(Bloomberg) — Europe’s planned ban on Russian oil imports and the easing of Covid-19 restrictions in China threaten to add a fresh jolt to surging consumer prices.
European Union leaders agreed on Monday to pursue a partial ban on Russian oil imports to punish the Kremlin for the invasion of Ukraine. The move will continue a process of Europe buying less and less from Moscow and further redraw global flows of the commodity, just as inflation in the euro area hit an all-time high.
“Global trade flows are certain to be upended,” RBC Capital Markets analysts Michael Tran and Helima Croft said in a note. “It will prove economically inflationary for all nations involved.”
The step comes as China shows signs of winning its battle to control Covid, which could revive the most important source of demand growth. The country brought new cases below 100 for the first time since early March, and authorities are loosening restrictions in Shanghai and tentatively easing curbs in Beijing.
Brent futures climbed as much as 2% to reach $124.10 a barrel at one stage on Tuesday and are up about 58% already this year. That surge factors in war disruptions but despite China imposing demand-sapping pandemic measures.
A further rally would be met with dismay in oil-consuming nations, especially since the rise in retail fuel prices has far exceeded increases for crude.
Economists at Rabobank predict Europe’s ban on Russian seaborne oil imports will plunge the 19-nation euro area into a recession at the end of this year. They now see full-year growth of 2.2% for 2022 and a 0.1% contraction in 2023.
Bloomberg Economics estimates that a $10-a-barrel gain in headline oil prices in the third quarter would add about 0.2 percentage points to inflation in Europe and 0.4 percentage points in the US. The effect on economic growth would nevertheless be relatively negligible, especially for the US which is itself a large energy producer.
President Joe Biden’s administration has been battling to bring down fuel prices by releasing emergency stockpiles, but that hasn’t stopped retail gasoline from hitting records and closing in on $5 a gallon.
His administration has even asked oil refineries about the feasibility of bringing back mothballed capacity. In the UK, it now costs about 100 pounds, or $126, to fill up a standard family car with diesel.
Germany is trying to take the sting out of the fuel surge by offering a massive discount on public transport to get people out of their cars this summer, but that’s not enough for the International Energy Agency, which has suggested temporary speed limits on the autobahn.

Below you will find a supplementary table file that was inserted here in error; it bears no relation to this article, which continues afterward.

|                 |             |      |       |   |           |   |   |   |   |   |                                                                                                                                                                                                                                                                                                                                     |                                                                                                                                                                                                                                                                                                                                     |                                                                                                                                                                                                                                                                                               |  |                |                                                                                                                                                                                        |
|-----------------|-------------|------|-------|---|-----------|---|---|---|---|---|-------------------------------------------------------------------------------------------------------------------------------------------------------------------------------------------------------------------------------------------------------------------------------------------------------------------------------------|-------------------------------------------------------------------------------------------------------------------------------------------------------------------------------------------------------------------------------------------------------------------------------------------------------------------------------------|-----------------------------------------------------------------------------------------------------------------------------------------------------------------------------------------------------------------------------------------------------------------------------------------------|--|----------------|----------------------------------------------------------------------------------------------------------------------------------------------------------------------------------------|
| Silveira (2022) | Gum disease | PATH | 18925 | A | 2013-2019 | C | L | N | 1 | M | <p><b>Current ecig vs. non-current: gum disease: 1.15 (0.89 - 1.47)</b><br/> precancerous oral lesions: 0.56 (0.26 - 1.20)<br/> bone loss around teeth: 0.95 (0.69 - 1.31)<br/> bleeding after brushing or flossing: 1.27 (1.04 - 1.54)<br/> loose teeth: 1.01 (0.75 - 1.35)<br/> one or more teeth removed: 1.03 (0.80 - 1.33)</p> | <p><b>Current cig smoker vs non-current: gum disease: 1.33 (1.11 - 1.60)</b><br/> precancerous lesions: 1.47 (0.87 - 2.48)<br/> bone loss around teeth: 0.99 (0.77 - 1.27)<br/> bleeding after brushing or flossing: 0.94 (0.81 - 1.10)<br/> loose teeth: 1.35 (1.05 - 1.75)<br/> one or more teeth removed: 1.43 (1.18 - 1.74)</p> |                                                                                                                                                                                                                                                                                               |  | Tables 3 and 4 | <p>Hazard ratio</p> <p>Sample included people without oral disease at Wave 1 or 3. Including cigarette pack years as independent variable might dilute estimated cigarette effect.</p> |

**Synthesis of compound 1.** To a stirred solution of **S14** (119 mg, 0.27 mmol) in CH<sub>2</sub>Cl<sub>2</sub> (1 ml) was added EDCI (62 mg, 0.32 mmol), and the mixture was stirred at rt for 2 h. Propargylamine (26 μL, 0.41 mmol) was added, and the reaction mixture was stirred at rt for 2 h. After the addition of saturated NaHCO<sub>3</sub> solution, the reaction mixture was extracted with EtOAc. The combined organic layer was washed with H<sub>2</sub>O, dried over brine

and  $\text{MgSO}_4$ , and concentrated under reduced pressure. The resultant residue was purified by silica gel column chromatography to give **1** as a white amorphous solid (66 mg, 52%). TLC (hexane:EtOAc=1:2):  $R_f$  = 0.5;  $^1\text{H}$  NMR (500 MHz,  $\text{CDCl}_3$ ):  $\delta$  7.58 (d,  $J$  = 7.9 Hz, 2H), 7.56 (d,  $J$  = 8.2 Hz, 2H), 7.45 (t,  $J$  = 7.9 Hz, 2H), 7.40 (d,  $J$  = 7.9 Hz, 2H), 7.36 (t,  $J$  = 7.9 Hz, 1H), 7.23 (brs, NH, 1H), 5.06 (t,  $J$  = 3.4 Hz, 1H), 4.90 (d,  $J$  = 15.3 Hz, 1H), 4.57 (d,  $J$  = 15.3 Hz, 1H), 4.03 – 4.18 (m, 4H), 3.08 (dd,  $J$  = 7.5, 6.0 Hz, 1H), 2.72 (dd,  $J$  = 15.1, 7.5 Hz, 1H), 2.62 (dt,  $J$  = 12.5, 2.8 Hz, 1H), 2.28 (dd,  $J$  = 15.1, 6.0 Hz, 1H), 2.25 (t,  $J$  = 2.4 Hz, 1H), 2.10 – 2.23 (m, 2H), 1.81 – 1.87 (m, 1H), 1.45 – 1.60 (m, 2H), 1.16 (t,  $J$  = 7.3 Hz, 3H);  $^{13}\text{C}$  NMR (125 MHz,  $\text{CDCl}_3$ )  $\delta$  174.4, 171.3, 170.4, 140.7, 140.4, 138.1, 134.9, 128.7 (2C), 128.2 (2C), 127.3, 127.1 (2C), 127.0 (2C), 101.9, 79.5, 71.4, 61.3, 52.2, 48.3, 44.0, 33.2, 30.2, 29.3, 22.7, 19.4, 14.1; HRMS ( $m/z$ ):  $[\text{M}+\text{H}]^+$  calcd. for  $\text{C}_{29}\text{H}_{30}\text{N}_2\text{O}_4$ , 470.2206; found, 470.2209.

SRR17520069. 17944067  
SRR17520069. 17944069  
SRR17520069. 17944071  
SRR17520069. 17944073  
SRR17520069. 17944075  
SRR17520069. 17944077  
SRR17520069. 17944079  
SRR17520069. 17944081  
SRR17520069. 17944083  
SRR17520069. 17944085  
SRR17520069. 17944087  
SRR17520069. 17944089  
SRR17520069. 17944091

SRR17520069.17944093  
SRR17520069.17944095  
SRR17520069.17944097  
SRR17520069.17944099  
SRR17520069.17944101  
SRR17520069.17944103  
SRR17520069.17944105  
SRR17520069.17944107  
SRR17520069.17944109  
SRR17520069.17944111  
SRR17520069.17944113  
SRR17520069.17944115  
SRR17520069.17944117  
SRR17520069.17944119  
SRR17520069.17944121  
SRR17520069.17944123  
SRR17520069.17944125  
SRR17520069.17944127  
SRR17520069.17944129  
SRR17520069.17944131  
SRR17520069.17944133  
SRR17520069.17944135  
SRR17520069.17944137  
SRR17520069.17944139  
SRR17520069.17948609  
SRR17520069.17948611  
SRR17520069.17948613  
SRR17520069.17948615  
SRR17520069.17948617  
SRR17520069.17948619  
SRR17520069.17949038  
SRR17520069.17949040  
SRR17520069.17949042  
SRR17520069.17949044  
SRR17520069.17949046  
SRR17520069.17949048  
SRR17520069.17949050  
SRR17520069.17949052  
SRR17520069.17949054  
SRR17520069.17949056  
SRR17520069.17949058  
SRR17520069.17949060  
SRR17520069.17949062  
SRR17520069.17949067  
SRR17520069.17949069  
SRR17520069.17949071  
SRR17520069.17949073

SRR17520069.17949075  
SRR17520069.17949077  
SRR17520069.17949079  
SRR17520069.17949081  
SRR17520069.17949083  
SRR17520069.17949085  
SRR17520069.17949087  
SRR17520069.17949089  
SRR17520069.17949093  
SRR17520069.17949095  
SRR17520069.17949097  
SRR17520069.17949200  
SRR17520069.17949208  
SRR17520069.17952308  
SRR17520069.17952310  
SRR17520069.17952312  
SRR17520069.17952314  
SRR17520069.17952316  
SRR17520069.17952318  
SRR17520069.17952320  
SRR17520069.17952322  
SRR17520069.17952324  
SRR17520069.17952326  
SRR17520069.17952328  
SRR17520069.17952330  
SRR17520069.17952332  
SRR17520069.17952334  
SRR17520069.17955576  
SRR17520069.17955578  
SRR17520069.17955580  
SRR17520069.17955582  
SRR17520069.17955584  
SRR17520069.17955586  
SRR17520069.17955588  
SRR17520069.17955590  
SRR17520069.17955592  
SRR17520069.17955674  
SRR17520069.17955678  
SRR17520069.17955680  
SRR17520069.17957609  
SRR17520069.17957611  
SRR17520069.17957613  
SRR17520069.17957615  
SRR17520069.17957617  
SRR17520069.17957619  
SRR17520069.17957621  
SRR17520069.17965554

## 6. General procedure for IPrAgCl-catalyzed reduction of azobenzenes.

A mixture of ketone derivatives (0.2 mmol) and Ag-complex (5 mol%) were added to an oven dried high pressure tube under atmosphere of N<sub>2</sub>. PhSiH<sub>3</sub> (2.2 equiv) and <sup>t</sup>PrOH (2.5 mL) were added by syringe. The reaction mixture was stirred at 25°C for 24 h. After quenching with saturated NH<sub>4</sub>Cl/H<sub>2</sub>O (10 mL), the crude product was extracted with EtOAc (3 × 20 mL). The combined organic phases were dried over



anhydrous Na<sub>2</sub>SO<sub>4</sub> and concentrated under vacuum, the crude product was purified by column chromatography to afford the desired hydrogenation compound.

“We are in wartime, in an energy crisis, and we had better prepare for even more difficult times,” IEA Executive Director Fatih Birol told Germany’s Der Spiegel magazine in an interview published Tuesday. “Driving a few kilometers an hour slower is just a tiny compromise compared to the suffering of the people in Ukraine.”
China’s potential comeback is vitally important. Its recent Covid restrictions kept a lid on prices, which means the nation’s ability to find a balance between sustaining economic growth and fighting the virus may well prove pivotal for the crude market this year.
Europe’s ban still has to be implemented. For that to happen, EU officials and diplomats have to agree on the technical details, and the sanctions must be formally adopted by representatives of all 27 member states.
The European Commission has proposed to ban seaborne crude oil six months from adoption, while refined petroleum products would be halted in eight months, according to people familiar with the plans. Shipments of oil through the giant Druzhba pipeline to central Europe will be spared until a technical solution is found that satisfies the energy needs of Hungary and other landlocked nations.
While the plan may seem like a watered-down version of previous proposals, it may not prove to be so in practice. Germany and Poland — collectively Europe’s largest buyers of piped oil from Russia by far — have indicated they intend to wean themselves off those deliveries anyway.
That means Moscow may have to try to ramp up seaborne exports from its two Baltic ports at a time when Europe can’t take them. It’s also unclear how much spare capacity the facilities have for extra barrels.
The EU’s measures would also prohibit services including insuring shipments to anywhere in the world. That matters because the vast majority of the world’s tankers are covered by the International Group of P&I Clubs. The organization ultimately buys reinsurance from European businesses, meaning it would have to comply with EU law.
The oil ban means Europe’s market will end up being structurally more expensive, as prices drift higher to incentivize local production and attract deliveries from elsewhere.
That’s already had an impact, with surging prices for Brent and West Texas Intermediate and a spike in Russian shipments to Asia as European refineries seek supplies elsewhere in anticipation of the sanctions. But more disruption is likely in store.
Tanker tracking compiled by Bloomberg shows that Europe is still taking about 770,000 barrels a day of Russian crude, large amounts of which are going to refineries run by Geneva-based Litasco SA, a unit of Russian producer Lukoil PJSC. That’s down from an average of 1.4 million barrels a day in January, the month before Russian troops invaded Ukraine.
Over time, Russian barrels will likely have a similar discount to grades from Iran and Venezuela and some production may be forced to halt as the ban eats into its potential market, according to oil traders.
“The ban will not lead to lasting energy shortages,” Maartje Wijffelaars, a senior economist at Rabobank said. “But it will take time before Russian oil imports are replaced, and oil prices will almost certainly trend higher.”
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